Most weekdays, you’ll find Yevgenya at her favorite senior center in Paramus, New Jersey. There the sharp, energetic 80-something chats with buddies, plays board games — she takes Rummikub very seriously — and joins an occasional group trip to a restaurant or concert. Her busy schedule means she has little time to bake her delicious pastries for her devoted granddaughter and great-grandchildren, but they don’t mind because they know spending time with her friends makes her happy.
As it turns out, it may be making her brain healthier, too. A new report by the Global Council on Brain Health urges seniors to take part in social activities because “older people who are more socially engaged and have larger social networks tend to have a higher level of cognitive function.” Interacting with others, the report concludes, may slow cognitive decline. If you’re interested in widening your social circle, consider these 5 ideas that are popular with seniors and health experts alike.
Aetna wellness coach Ricky Moore says that among the seniors he works with, many take advantage of fitness programs targeted to older adults, such as SilverSneakers and Silver & Fit. Found at health clubs around the country, the programs offer a variety of exercise classes for a range of abilities. Aside from their physical health benefits, they also provide a chance to make new friends.
Many insurance plans offer access to the programs at no extra cost, including Aetna Medicare Advantage. “Sometimes older adults are concerned about their finances and whether they can actually afford a gym membership,” Moore says. “If it’s covered under a medical plan, that’s a great motivator.” Read Moore’s tips for creating a fitness plan.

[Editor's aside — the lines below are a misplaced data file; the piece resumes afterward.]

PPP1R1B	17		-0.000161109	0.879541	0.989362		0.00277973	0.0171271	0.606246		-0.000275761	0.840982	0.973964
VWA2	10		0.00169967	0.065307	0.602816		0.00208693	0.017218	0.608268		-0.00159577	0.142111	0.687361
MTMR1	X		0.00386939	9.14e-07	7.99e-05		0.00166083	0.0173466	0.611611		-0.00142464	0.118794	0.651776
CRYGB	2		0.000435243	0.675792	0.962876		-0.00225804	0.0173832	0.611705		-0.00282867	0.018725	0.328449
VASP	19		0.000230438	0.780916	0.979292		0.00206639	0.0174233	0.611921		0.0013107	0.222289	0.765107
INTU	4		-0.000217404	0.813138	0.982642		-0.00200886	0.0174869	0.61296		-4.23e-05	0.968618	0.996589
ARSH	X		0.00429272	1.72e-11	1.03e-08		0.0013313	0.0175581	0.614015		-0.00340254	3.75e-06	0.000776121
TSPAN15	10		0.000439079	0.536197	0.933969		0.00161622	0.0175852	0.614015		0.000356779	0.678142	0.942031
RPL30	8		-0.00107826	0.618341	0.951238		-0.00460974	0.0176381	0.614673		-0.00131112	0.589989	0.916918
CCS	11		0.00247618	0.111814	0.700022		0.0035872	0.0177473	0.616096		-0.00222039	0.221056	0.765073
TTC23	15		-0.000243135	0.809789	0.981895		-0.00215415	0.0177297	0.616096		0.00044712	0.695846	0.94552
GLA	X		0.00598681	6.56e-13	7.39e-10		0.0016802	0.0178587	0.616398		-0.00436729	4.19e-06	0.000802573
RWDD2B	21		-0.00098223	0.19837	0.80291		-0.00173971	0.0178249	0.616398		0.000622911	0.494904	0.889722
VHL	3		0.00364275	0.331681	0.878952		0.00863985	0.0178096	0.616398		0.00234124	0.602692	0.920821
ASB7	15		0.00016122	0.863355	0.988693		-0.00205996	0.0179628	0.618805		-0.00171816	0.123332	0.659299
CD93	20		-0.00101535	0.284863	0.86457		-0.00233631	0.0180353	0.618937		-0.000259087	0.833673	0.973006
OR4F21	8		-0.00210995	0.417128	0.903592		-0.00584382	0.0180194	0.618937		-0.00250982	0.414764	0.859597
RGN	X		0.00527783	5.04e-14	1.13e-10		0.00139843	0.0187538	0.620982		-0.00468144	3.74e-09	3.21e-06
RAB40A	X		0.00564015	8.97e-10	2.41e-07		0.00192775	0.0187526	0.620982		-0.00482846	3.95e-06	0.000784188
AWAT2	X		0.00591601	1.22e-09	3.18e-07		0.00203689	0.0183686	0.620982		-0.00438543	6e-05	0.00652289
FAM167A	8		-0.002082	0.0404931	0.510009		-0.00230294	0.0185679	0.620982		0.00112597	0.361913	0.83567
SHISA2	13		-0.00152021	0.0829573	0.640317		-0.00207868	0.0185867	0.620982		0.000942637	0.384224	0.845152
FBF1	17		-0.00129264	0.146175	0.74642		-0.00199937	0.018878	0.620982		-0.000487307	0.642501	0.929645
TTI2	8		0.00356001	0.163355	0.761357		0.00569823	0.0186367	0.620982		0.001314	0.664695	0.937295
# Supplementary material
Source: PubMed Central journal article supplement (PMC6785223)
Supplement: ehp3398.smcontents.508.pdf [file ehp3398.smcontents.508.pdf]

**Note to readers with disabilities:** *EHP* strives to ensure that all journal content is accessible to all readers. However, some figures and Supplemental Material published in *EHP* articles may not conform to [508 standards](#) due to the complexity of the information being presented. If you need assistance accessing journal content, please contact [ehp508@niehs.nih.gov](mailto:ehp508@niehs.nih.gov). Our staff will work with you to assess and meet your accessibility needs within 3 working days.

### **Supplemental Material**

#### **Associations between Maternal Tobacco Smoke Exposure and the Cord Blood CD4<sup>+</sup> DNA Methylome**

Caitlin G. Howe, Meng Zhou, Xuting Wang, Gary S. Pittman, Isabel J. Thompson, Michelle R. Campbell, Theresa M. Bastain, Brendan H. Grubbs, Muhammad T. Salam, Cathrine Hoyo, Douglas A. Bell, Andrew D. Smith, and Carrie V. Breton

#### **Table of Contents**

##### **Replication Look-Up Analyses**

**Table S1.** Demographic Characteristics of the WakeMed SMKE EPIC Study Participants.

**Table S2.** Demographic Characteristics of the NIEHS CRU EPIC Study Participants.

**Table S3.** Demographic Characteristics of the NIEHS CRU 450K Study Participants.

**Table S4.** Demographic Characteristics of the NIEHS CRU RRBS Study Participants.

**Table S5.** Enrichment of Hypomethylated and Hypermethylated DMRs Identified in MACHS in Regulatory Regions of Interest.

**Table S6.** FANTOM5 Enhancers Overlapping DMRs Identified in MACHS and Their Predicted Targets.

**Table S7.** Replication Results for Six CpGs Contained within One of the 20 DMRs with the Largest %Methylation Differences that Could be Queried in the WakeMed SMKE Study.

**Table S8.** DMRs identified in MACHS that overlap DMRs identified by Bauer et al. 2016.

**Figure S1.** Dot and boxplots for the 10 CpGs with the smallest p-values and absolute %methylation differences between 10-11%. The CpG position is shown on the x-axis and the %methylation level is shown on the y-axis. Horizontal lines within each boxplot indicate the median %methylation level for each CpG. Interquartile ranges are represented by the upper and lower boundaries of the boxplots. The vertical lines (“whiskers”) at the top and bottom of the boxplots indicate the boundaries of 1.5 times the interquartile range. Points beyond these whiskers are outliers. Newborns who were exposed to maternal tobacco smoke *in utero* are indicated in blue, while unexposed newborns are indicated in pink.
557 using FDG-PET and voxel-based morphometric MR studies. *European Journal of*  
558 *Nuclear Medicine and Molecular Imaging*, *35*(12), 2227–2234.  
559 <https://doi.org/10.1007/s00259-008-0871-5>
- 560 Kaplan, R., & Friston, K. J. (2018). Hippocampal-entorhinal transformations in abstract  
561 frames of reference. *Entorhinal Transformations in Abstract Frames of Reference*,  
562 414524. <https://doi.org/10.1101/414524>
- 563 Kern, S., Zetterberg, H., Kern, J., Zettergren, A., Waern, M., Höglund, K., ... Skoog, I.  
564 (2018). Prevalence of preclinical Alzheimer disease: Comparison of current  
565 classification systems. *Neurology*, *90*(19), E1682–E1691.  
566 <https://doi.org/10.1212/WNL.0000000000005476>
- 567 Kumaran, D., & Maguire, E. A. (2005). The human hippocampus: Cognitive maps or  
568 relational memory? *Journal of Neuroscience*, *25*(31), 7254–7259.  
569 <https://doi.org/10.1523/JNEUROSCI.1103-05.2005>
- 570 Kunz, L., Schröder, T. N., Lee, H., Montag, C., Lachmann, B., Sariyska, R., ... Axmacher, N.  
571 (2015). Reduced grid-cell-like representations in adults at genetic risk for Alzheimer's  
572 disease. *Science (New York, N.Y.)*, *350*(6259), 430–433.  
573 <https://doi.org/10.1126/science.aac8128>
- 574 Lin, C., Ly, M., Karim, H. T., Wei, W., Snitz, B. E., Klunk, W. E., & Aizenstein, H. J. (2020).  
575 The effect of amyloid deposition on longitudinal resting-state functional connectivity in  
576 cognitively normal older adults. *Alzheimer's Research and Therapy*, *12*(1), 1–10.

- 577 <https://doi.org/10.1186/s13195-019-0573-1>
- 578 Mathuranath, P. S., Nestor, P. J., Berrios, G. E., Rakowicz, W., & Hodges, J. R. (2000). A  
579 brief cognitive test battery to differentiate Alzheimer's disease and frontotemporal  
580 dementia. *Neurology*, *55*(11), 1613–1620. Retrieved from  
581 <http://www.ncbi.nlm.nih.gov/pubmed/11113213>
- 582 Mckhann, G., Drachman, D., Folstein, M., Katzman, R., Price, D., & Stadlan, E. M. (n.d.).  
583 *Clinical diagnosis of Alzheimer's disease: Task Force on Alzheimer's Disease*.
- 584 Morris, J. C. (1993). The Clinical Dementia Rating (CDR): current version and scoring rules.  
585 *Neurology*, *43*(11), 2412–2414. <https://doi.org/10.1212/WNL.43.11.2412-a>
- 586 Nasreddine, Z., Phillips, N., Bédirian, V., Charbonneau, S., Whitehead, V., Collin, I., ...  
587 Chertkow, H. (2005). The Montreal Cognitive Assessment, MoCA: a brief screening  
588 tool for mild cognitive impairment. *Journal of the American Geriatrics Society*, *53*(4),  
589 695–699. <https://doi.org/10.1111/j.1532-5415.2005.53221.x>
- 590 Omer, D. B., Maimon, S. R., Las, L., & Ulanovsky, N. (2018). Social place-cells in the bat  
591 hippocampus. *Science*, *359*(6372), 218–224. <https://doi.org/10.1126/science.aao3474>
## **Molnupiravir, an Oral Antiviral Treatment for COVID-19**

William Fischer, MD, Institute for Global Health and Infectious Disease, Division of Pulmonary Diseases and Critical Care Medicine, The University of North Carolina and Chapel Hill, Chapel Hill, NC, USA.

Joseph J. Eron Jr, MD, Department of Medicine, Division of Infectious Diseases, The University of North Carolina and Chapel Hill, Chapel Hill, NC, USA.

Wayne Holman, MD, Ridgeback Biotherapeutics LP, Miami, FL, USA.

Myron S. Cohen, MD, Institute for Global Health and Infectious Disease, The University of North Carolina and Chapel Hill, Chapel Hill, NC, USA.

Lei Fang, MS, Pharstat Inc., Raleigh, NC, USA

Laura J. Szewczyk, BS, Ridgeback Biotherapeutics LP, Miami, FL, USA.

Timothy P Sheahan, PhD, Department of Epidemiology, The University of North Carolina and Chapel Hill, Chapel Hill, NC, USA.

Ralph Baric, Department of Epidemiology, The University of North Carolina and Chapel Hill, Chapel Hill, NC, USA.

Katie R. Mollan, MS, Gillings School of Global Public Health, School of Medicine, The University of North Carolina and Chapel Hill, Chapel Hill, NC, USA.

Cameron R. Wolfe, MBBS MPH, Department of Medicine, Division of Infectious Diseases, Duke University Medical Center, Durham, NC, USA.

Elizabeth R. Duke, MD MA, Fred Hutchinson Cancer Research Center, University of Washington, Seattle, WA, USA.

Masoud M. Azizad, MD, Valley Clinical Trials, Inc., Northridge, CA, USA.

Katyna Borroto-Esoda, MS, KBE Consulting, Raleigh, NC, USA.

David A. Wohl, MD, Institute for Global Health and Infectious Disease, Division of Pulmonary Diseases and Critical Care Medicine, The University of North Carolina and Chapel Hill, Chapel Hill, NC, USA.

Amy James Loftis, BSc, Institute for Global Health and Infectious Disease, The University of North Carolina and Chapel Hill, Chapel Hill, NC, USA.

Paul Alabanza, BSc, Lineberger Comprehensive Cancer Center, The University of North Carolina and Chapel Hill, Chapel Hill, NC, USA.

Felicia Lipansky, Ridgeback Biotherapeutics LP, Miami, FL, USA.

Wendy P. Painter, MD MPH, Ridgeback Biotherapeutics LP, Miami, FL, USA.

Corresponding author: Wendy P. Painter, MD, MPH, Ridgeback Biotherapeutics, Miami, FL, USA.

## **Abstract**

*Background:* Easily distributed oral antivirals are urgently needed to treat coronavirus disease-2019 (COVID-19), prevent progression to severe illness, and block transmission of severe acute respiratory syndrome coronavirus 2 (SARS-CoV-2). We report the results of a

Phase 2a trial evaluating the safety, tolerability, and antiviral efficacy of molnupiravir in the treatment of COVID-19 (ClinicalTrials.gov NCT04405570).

Another avenue for boosting your social life — and brain health — is volunteerism. The Global Council on Brain health report cited studies that found older adults “demonstrated improved memory and reasoning skills” after volunteering at local elementary schools. The report also noted that seniors benefit from the sense of achievement that comes from volunteerism.
Moore agrees: “Not only will volunteering enable you to connect with other thoughtful adults in your area, it will also make you feel wonderful knowing you’re providing a greatly appreciated service for those who need it most.” Learn more about the benefits of volunteering.
Adult education classes offered by libraries, colleges and houses of worship provide more opportunities for seniors to be social and discover something new. Moore’s own mother-in-law learned how to better navigate computers after taking beginner classes at her church and a local college. “At first she was apprehensive about taking a college course. But when she got there, other people her age were in the class,” Moore says. Some colleges even allow seniors to audit classes at little or no cost.
If you’re comfortable with a computer or smartphone, take advantage of online social networks to keep in touch with loved ones and make new friends. “Social networks aren’t just for connecting with people you know,” Moore says. “You can look for people with the same interests. I hear people talking about joining walking groups on Facebook that meet up a once a week.” Learn more about how friends can help you keep your routine on track.
Being social takes energy. For seniors (and everyone else, for that matter), getting enough sleep is necessary to feeling strong and vital. “It’s how the body rejuvenates itself for the next day,” Moore said. “Studies show people who don’t get adequate sleep are more sluggish and don’t have energy to do ‘normal’ activities.” Sometimes seeing a medical professional is the best way to address sleep problems.
The mental and emotional benefits of sociability are too important to ignore. In other words, it’s a no-brainer!
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